Humans are not the only ones who enjoy eating spaghetti—shrimp can, too.
Researchers are using nutritious green “spaghetti algae” in fish and shrimp feeds as part of a broader move to bring down the cost of expensive aquafeeds which account for over half the expenses of farmers.
“The ultimate aim of using spaghetti algae, or any other alternative ingredient, in aquafeed is to bring down the feed cost in aquaculture,” said Joseph Biñas, associate researcher and feed mill supervisor at the Southeast Asian Fisheries Development Center Aquaculture Department (SEAFDEC/AQD) in Tigbauan, Iloilo.
Biñas further said that, “The use of alternative ingredients, especially if these are locally available and sustainably produced, may considerably reduce the cost of formulated feeds.”
Chaetomorpha linum, also known as “spaghetti algae” or “green hair algae”, derives its name from its wiry and rigid strands, forming a loosely entangled mass resembling cooked pasta noodles.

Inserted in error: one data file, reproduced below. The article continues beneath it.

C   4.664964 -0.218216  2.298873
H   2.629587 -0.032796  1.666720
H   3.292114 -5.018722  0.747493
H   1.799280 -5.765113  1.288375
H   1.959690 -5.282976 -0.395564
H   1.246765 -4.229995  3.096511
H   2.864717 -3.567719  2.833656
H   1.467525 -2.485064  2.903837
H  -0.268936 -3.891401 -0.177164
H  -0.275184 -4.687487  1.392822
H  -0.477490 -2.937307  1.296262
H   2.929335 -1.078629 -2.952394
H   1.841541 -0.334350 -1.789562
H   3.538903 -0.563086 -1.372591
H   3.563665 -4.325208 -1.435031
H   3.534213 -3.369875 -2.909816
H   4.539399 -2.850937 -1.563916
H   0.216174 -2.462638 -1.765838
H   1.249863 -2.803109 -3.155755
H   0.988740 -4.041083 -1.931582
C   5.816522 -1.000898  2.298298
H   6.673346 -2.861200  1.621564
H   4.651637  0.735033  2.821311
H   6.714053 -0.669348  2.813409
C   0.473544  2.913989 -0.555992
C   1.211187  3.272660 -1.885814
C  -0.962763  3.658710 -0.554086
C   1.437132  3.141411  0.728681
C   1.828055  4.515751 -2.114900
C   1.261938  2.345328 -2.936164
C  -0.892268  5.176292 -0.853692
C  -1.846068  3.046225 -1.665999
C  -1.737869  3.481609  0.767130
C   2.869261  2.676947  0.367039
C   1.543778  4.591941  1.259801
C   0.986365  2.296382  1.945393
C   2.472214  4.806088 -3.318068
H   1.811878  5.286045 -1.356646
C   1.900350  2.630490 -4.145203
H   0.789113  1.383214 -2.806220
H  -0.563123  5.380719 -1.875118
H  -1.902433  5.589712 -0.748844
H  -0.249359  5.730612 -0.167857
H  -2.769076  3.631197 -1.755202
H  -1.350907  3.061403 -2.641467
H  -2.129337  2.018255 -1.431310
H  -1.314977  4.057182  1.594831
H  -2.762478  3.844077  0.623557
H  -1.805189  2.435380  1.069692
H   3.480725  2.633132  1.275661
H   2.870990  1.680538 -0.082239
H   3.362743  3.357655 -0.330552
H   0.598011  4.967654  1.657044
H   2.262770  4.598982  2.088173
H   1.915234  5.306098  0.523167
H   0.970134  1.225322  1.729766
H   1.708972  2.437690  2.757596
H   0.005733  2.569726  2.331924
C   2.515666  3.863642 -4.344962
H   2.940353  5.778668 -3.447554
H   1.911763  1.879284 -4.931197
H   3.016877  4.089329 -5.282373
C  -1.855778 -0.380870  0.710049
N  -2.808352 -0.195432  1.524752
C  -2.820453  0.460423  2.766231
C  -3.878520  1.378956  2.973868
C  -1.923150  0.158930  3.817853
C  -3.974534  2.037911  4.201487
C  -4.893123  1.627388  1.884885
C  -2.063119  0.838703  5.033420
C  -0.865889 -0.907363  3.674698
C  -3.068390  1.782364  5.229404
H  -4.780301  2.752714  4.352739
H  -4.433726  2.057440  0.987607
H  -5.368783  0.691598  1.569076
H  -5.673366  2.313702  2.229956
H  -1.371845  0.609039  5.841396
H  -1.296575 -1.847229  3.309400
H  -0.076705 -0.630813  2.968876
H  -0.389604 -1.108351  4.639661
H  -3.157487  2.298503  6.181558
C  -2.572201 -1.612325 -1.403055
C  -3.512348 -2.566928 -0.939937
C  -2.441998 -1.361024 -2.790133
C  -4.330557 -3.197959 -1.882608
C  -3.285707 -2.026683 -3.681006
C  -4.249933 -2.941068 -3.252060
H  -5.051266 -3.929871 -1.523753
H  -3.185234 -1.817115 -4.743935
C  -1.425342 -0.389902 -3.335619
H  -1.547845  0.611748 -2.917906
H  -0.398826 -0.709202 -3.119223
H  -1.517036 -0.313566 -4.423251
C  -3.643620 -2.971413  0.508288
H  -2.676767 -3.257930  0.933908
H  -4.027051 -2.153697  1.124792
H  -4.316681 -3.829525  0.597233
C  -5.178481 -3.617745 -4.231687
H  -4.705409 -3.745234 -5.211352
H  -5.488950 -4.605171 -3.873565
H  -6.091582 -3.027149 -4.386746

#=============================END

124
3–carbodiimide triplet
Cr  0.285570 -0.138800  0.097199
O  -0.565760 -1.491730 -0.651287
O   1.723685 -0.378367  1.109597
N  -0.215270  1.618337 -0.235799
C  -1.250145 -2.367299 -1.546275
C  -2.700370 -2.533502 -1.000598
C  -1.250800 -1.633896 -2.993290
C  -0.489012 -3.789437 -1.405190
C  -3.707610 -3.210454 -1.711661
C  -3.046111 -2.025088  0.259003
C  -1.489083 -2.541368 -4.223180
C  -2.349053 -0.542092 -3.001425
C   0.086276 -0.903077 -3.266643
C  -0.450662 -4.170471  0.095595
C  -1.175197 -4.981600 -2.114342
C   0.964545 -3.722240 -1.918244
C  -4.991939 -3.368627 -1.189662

According to Biñas, spaghetti algae is being considered as a source of nutrition because it has a protein content of up to 17 percent and contains various health-promoting bioactive compounds.
He also added that this species of algae grows locally year-round and can tolerate a wide range of environmental conditions. While growing, spaghetti algae also absorbs excess nutrients from aquaculture wastewater, thereby helping to reduce pollution.
Testing spaghetti algae on shrimp
In his SEAFDEC/AQD-funded research which is scheduled to be completed this year, Biñas and his colleagues included various amounts of the algae into aquafeeds, partially substituting soybean and fishmeal which are more expensive imported ingredients.
The feeds, containing between zero and 18 percent processed spaghetti algae, were then tested for 90 days on juveniles of tiger shrimp, also locally known as lukon or sugpo.
The results were promising as shrimp survival and growth were normal with up to 12 percent spaghetti algae in their diet. Biñas, however, said the sweet spot seemed to be at around 6 percent.
He also said that they continue to improve the quality of the spaghetti algae by using lactic acid bacteria, yeast, and fungi to ferment it before including it in feeds. Fermentation improves the nutritional quality of alternative protein sources.
“Once the fermentation protocol is optimized, fermented spaghetti algae can then be produced in large scale quantities,” he remarked.
Biñas also said that spaghetti algae would later be tested as a potential feed source for tilapia and milkfish. /JR PAGADOR